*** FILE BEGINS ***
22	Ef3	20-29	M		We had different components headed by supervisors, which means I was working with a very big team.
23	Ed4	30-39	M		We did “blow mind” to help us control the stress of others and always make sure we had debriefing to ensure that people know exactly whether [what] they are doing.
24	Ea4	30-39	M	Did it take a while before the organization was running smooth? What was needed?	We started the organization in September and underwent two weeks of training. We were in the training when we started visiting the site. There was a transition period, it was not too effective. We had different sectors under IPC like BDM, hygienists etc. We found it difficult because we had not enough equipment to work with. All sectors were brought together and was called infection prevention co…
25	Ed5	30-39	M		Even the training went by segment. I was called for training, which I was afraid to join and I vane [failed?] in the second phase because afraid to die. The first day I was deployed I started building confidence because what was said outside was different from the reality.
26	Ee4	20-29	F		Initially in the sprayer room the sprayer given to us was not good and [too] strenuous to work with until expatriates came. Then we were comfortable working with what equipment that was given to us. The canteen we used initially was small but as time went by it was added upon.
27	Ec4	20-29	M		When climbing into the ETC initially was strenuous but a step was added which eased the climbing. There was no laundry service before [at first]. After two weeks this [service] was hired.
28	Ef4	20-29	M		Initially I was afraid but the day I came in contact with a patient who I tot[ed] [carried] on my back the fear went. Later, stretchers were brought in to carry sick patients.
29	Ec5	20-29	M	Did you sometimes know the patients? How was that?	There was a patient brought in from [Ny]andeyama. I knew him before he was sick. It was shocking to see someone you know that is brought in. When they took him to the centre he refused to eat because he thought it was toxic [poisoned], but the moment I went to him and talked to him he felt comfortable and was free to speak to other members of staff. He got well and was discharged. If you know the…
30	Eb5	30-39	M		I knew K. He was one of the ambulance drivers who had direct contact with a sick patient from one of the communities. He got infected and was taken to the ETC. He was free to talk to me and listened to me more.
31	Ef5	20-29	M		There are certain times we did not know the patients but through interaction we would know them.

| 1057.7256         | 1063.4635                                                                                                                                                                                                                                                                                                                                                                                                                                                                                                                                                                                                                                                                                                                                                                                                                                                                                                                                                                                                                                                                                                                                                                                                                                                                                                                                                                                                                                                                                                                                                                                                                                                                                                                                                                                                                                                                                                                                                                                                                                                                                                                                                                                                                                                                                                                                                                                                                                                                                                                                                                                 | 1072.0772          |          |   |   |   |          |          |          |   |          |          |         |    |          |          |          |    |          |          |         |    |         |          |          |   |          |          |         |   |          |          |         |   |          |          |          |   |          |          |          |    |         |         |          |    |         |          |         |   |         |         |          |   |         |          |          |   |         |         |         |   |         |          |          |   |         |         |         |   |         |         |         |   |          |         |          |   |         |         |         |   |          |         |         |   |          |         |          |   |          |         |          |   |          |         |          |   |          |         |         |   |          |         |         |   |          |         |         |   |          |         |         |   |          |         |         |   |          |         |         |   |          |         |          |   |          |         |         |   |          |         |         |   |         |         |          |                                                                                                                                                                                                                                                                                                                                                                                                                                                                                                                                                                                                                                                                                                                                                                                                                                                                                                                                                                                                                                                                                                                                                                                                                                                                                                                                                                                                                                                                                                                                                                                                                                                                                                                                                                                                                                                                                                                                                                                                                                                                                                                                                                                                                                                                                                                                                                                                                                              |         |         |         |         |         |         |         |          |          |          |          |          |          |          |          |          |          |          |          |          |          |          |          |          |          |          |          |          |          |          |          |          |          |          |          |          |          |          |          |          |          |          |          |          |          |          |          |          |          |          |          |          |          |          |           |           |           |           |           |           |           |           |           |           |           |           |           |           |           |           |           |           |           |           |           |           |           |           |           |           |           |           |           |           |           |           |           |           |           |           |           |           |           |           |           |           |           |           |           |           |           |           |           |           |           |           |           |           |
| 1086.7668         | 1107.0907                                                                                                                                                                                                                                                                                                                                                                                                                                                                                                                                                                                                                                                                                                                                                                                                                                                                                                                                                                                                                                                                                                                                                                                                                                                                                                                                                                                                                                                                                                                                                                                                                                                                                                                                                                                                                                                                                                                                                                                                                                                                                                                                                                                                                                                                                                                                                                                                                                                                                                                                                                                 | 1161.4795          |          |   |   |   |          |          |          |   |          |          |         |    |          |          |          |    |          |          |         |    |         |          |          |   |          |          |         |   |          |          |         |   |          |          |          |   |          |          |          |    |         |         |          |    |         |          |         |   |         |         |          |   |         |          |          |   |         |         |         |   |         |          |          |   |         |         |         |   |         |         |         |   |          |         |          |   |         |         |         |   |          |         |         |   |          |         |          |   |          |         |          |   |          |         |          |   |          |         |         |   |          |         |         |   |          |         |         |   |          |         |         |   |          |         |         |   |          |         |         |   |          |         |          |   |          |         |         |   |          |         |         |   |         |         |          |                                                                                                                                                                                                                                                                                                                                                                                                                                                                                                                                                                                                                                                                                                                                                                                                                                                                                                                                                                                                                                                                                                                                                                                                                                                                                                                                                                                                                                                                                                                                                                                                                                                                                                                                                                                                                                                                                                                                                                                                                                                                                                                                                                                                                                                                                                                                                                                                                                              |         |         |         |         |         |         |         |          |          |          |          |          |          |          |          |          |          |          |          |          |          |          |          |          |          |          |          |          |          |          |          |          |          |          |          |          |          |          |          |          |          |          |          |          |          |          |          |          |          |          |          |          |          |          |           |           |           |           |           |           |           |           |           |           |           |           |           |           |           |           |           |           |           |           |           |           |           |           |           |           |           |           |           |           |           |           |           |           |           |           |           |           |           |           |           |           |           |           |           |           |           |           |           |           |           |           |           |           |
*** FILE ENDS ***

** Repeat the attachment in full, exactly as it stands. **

22	Ef3	20-29	M		We had different components headed by supervisors, which means I was working with a very big team.
23	Ed4	30-39	M		We did “blow mind” to help us control the stress of others and always make sure we had debriefing to ensure that people know exactly whether [what] they are doing.
24	Ea4	30-39	M	Did it take a while before the organization was running smooth? What was needed?	We started the organization in September and underwent two weeks of training. We were in the training when we started visiting the site. There was a transition period, it was not too effective. We had different sectors under IPC like BDM, hygienists etc. We found it difficult because we had not enough equipment to work with. All sectors were brought together and was called infection prevention co…
25	Ed5	30-39	M		Even the training went by segment. I was called for training, which I was afraid to join and I vane [failed?] in the second phase because afraid to die. The first day I was deployed I started building confidence because what was said outside was different from the reality.
26	Ee4	20-29	F		Initially in the sprayer room the sprayer given to us was not good and [too] strenuous to work with until expatriates came. Then we were comfortable working with what equipment that was given to us. The canteen we used initially was small but as time went by it was added upon.
27	Ec4	20-29	M		When climbing into the ETC initially was strenuous but a step was added which eased the climbing. There was no laundry service before [at first]. After two weeks this [service] was hired.
28	Ef4	20-29	M		Initially I was afraid but the day I came in contact with a patient who I tot[ed] [carried] on my back the fear went. Later, stretchers were brought in to carry sick patients.
29	Ec5	20-29	M	Did you sometimes know the patients? How was that?	There was a patient brought in from [Ny]andeyama. I knew him before he was sick. It was shocking to see someone you know that is brought in. When they took him to the centre he refused to eat because he thought it was toxic [poisoned], but the moment I went to him and talked to him he felt comfortable and was free to speak to other members of staff. He got well and was discharged. If you know the…
30	Eb5	30-39	M		I knew K. He was one of the ambulance drivers who had direct contact with a sick patient from one of the communities. He got infected and was taken to the ETC. He was free to talk to me and listened to me more.
31	Ef5	20-29	M		There are certain times we did not know the patients but through interaction we would know them.

| 1057.7256         | 1063.4635                                                                                                                                                                                                                                                                                                                                                                                                                                                                                                                                                                                                                                                                                                                                                                                                                                                                                                                                                                                                                                                                                                                                                                                                                                                                                                                                                                                                                                                                                                                                                                                                                                                                                                                                                                                                                                                                                                                                                                                                                                                                                                                                                                                                                                                                                                                                                                                                                                                                                                                                                                                 | 1072.0772          |          |   |   |   |          |          |          |   |          |          |         |    |          |          |          |    |          |          |         |    |         |          |          |   |          |          |         |   |          |          |         |   |          |          |          |   |          |          |          |    |         |         |          |    |         |          |         |   |         |         |          |   |         |          |          |   |         |         |         |   |         |          |          |   |         |         |         |   |         |         |         |   |          |         |          |   |         |         |         |   |          |         |         |   |          |         |          |   |          |         |          |   |          |         |          |   |          |         |         |   |          |         |         |   |          |         |         |   |          |         |         |   |          |         |         |   |          |         |         |   |          |         |          |   |          |         |         |   |          |         |         |   |         |         |          |                                                                                                                                                                                                                                                                                                                                                                                                                                                                                                                                                                                                                                                                                                                                                                                                                                                                                                                                                                                                                                                                                                                                                                                                                                                                                                                                                                                                                                                                                                                                                                                                                                                                                                                                                                                                                                                                                                                                                                                                                                                                                                                                                                                                                                                                                                                                                                                                                                              |         |         |         |         |         |         |         |          |          |          |          |          |          |          |          |          |          |          |          |          |          |          |          |          |          |          |          |          |          |          |          |          |          |          |          |          |          |          |          |          |          |          |          |          |          |          |          |          |          |          |          |          |          |          |           |           |           |           |           |           |           |           |           |           |           |           |           |           |           |           |           |           |           |           |           |           |           |           |           |           |           |           |           |           |           |           |           |           |           |           |           |           |           |           |           |           |           |           |           |           |           |           |           |           |           |           |           |           |
| 1086.7668         | 1107.0907                                                                                                                                                                                                                                                                                                                                                                                                                                                                                                                                                                                                                                                                                                                                                                                                                                                                                                                                                                                                                                                                                                                                                                                                                                                                                                                                                                                                                                                                                                                                                                                                                                                                                                                                                                                                                                                                                                                                                                                                                                                                                                                                                                                                                                                                                                                                                                                                                                                                                                                                                                                 | 1161.4795          |          |   |   |   |          |          |          |   |          |          |         |    |          |          |          |    |          |          |         |    |         |          |          |   |          |          |         |   |          |          |         |   |          |          |          |   |          |          |          |    |         |         |          |    |         |          |         |   |         |         |          |   |         |          |          |   |         |         |         |   |         |          |          |   |         |         |         |   |         |         |         |   |          |         |          |   |         |         |         |   |          |         |         |   |          |         |          |   |          |         |          |   |          |         |          |   |          |         |         |   |          |         |         |   |          |         |         |   |          |         |         |   |          |         |         |   |          |         |         |   |          |         |          |   |          |         |         |   |          |         |         |   |         |         |          |                                                                                                                                                                                                                                                                                                                                                                                                                                                                                                                                                                                                                                                                                                                                                                                                                                                                                                                                                                                                                                                                                                                                                                                                                                                                                                                                                                                                                                                                                                                                                                                                                                                                                                                                                                                                                                                                                                                                                                                                                                                                                                                                                                                                                                                                                                                                                                                                                                              |         |         |         |         |         |         |         |          |          |          |          |          |          |          |          |          |          |          |          |          |          |          |          |          |          |          |          |          |          |          |          |          |          |          |          |          |          |          |          |          |          |          |          |          |          |          |          |          |          |          |          |          |          |          |           |           |           |           |           |           |           |           |           |           |           |           |           |           |           |           |           |           |           |           |           |           |           |           |           |           |           |           |           |           |           |           |           |           |           |           |           |           |           |           |           |           |           |           |           |           |           |           |           |           |           |           |           |           |